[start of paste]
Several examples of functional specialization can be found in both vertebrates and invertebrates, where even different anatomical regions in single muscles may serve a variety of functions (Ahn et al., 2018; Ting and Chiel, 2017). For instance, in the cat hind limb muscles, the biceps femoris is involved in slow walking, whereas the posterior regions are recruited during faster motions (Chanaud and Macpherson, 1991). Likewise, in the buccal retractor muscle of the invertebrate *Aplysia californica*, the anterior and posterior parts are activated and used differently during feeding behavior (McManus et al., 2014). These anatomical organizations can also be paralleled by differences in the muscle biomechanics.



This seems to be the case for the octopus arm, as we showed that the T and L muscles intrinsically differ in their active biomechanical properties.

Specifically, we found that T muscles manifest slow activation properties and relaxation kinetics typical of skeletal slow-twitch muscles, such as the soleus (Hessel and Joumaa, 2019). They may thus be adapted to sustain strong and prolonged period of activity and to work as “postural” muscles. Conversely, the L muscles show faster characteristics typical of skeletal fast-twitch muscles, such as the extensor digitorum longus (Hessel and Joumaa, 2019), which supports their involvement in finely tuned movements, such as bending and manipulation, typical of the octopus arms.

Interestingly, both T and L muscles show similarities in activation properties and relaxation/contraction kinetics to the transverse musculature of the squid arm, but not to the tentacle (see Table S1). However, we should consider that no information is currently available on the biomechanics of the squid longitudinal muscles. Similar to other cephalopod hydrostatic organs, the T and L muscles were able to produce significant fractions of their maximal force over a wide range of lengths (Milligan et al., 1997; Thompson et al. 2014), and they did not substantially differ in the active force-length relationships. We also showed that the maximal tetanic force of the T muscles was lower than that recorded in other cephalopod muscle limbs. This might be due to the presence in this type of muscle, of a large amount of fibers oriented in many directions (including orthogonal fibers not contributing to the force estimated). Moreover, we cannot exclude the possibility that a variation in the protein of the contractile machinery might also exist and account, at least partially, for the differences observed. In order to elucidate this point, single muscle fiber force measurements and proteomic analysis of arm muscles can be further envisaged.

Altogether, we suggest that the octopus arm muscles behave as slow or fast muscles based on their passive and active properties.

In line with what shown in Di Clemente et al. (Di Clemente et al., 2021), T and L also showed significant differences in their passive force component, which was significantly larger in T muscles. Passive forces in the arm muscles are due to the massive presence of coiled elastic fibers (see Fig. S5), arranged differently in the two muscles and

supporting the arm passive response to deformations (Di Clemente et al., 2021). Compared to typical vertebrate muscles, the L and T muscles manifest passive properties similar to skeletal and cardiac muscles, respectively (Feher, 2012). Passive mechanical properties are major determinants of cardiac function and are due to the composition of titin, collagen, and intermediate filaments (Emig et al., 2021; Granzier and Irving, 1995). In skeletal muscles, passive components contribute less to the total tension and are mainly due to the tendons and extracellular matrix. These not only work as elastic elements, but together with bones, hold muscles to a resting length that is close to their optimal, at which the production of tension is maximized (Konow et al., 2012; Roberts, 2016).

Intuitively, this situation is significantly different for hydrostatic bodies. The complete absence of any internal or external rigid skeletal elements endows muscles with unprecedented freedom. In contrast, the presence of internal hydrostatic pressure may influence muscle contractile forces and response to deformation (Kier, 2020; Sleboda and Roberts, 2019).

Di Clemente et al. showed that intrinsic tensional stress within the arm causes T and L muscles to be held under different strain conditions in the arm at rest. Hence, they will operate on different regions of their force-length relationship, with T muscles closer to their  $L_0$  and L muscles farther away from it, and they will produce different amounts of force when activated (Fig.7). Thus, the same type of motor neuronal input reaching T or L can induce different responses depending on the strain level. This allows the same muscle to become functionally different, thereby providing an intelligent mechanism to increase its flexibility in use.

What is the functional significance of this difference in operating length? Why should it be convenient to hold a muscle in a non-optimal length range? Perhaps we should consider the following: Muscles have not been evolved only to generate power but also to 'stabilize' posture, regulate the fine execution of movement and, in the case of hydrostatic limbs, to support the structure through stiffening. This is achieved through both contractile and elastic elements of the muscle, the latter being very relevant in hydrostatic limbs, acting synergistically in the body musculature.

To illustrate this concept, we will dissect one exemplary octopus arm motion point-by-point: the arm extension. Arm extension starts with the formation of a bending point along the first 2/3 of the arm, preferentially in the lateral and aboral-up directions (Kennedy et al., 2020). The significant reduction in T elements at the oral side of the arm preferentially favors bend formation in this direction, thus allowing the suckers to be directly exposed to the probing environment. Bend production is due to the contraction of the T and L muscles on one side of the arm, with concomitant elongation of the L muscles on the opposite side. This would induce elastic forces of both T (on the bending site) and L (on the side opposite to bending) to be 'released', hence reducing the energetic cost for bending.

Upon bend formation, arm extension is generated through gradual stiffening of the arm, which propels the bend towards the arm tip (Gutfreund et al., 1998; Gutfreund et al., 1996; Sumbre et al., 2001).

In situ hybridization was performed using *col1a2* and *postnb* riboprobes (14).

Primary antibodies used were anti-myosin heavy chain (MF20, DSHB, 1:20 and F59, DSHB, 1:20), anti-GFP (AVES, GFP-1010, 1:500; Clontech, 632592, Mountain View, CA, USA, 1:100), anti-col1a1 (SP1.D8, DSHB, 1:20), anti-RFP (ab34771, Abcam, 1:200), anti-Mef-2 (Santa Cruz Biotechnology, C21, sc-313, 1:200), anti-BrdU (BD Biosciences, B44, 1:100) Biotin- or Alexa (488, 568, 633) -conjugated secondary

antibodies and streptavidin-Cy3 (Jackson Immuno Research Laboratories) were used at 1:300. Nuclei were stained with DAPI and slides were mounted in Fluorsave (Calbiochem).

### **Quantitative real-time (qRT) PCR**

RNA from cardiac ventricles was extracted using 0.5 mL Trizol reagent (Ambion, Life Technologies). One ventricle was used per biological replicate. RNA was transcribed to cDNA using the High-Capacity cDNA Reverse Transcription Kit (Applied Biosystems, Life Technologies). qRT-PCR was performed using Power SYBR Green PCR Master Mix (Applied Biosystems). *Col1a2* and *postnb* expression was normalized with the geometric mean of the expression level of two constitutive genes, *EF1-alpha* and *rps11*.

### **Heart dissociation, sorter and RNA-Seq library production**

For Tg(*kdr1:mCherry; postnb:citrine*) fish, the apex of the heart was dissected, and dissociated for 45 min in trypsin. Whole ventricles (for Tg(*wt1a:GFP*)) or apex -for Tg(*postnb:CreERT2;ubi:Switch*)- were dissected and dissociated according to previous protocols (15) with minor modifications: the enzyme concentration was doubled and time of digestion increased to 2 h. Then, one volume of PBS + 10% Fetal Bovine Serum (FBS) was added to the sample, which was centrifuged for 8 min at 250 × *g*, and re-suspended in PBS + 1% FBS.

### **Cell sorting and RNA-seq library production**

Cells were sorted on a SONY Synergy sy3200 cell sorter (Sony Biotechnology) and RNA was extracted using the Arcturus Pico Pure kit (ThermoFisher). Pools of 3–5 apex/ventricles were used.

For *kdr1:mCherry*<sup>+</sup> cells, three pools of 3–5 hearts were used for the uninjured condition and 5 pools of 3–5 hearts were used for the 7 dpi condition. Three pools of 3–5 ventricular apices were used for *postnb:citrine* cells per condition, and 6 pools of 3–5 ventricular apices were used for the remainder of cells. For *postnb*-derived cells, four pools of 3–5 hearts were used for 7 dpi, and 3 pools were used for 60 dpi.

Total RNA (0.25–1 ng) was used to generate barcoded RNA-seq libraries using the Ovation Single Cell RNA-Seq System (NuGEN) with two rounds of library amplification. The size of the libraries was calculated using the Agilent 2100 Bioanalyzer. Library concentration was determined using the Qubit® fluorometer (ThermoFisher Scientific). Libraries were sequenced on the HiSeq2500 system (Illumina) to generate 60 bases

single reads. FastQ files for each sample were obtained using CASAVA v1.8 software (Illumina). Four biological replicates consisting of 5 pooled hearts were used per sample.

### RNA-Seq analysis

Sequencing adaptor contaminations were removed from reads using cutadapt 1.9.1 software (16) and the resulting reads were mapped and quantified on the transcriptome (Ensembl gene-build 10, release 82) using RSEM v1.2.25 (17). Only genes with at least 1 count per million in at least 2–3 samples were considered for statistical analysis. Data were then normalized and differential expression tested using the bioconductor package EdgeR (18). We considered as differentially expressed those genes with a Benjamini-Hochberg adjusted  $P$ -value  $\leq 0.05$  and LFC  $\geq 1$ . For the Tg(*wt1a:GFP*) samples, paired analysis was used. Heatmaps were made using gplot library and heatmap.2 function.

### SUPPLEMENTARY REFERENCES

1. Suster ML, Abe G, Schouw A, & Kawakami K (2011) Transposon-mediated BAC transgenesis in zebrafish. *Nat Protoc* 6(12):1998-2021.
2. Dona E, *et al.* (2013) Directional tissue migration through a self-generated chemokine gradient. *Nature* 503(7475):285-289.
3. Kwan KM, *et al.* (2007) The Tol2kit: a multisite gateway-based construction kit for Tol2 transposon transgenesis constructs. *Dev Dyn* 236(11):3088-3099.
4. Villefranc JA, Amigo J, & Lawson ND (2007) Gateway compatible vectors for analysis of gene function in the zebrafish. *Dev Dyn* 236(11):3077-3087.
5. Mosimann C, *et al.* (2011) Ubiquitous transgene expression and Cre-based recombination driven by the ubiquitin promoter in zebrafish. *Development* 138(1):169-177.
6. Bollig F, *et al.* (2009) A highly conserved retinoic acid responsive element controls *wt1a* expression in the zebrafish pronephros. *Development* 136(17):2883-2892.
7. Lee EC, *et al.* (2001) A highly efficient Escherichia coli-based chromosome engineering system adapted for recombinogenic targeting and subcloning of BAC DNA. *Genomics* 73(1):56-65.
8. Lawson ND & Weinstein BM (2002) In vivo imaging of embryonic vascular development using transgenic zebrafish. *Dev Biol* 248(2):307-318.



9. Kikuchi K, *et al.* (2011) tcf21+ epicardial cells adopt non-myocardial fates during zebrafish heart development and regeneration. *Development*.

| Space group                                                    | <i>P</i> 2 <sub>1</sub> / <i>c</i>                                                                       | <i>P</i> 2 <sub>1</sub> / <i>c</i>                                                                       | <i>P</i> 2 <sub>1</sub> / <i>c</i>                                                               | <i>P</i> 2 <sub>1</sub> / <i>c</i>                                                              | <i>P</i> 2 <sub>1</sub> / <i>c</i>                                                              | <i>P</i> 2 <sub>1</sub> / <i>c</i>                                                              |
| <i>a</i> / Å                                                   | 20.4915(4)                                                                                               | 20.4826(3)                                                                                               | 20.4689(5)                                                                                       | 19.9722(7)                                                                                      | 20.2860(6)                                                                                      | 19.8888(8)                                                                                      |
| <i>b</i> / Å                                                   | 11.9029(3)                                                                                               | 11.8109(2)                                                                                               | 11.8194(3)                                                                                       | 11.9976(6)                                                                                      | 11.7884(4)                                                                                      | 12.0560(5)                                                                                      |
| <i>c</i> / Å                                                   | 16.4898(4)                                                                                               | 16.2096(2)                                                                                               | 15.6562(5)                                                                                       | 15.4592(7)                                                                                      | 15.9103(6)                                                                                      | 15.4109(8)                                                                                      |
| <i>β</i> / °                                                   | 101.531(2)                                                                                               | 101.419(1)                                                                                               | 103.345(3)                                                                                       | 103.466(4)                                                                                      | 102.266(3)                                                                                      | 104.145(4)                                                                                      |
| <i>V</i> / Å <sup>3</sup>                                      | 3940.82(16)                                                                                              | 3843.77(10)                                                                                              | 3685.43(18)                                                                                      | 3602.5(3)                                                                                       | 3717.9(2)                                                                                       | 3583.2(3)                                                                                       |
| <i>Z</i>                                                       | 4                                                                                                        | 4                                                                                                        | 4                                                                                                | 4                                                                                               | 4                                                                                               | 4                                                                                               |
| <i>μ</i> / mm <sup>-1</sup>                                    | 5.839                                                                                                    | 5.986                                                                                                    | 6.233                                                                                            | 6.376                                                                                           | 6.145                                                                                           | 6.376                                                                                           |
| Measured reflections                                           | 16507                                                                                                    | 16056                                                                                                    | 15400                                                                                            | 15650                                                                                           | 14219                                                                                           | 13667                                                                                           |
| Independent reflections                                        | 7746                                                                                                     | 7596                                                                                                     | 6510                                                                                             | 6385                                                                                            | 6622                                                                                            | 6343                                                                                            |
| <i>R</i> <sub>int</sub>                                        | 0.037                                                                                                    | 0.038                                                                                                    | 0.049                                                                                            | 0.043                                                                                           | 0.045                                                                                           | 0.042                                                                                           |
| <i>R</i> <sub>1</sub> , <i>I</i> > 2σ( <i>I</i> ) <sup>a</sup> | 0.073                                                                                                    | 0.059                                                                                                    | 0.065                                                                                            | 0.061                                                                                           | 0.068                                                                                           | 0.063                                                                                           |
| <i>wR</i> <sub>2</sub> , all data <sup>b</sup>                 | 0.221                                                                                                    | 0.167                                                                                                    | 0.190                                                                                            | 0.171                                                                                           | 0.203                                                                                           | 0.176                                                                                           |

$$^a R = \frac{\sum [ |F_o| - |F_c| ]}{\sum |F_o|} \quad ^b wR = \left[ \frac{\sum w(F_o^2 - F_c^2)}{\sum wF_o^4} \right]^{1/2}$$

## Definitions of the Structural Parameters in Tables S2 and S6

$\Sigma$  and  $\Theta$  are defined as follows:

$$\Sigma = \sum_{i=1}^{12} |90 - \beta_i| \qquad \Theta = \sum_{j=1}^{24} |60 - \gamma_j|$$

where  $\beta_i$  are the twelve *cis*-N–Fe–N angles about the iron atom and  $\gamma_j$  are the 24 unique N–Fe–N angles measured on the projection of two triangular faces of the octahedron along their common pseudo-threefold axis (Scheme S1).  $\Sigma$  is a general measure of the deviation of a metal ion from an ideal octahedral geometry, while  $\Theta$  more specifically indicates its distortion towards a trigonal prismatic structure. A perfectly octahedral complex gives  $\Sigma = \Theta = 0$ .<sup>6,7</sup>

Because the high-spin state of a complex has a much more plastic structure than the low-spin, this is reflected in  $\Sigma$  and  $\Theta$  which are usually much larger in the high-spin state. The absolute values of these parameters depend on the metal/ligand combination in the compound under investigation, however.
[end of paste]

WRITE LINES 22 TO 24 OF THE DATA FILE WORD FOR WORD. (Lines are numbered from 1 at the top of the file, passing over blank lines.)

For *kdr1:mCherry*<sup>+</sup> cells, three pools of 3–5 hearts were used for the uninjured condition and 5 pools of 3–5 hearts were used for the 7 dpi condition. Three pools of 3–5 ventricular apices were used for *postnb:citrine* cells per condition, and 6 pools of 3–5 ventricular apices were used for the remainder of cells. For *postnb*-derived cells, four pools of 3–5 hearts were used for 7 dpi, and 3 pools were used for 60 dpi.

Total RNA (0.25–1 ng) was used to generate barcoded RNA-seq libraries using the Ovation Single Cell RNA-Seq System (NuGEN) with two rounds of library amplification. The size of the libraries was calculated using the Agilent 2100 Bioanalyzer. Library concentration was determined using the Qubit® fluorometer (ThermoFisher Scientific). Libraries were sequenced on the HiSeq2500 system (Illumina) to generate 60 bases

single reads. FastQ files for each sample were obtained using CASAVA v1.8 software (Illumina). Four biological replicates consisting of 5 pooled hearts were used per sample.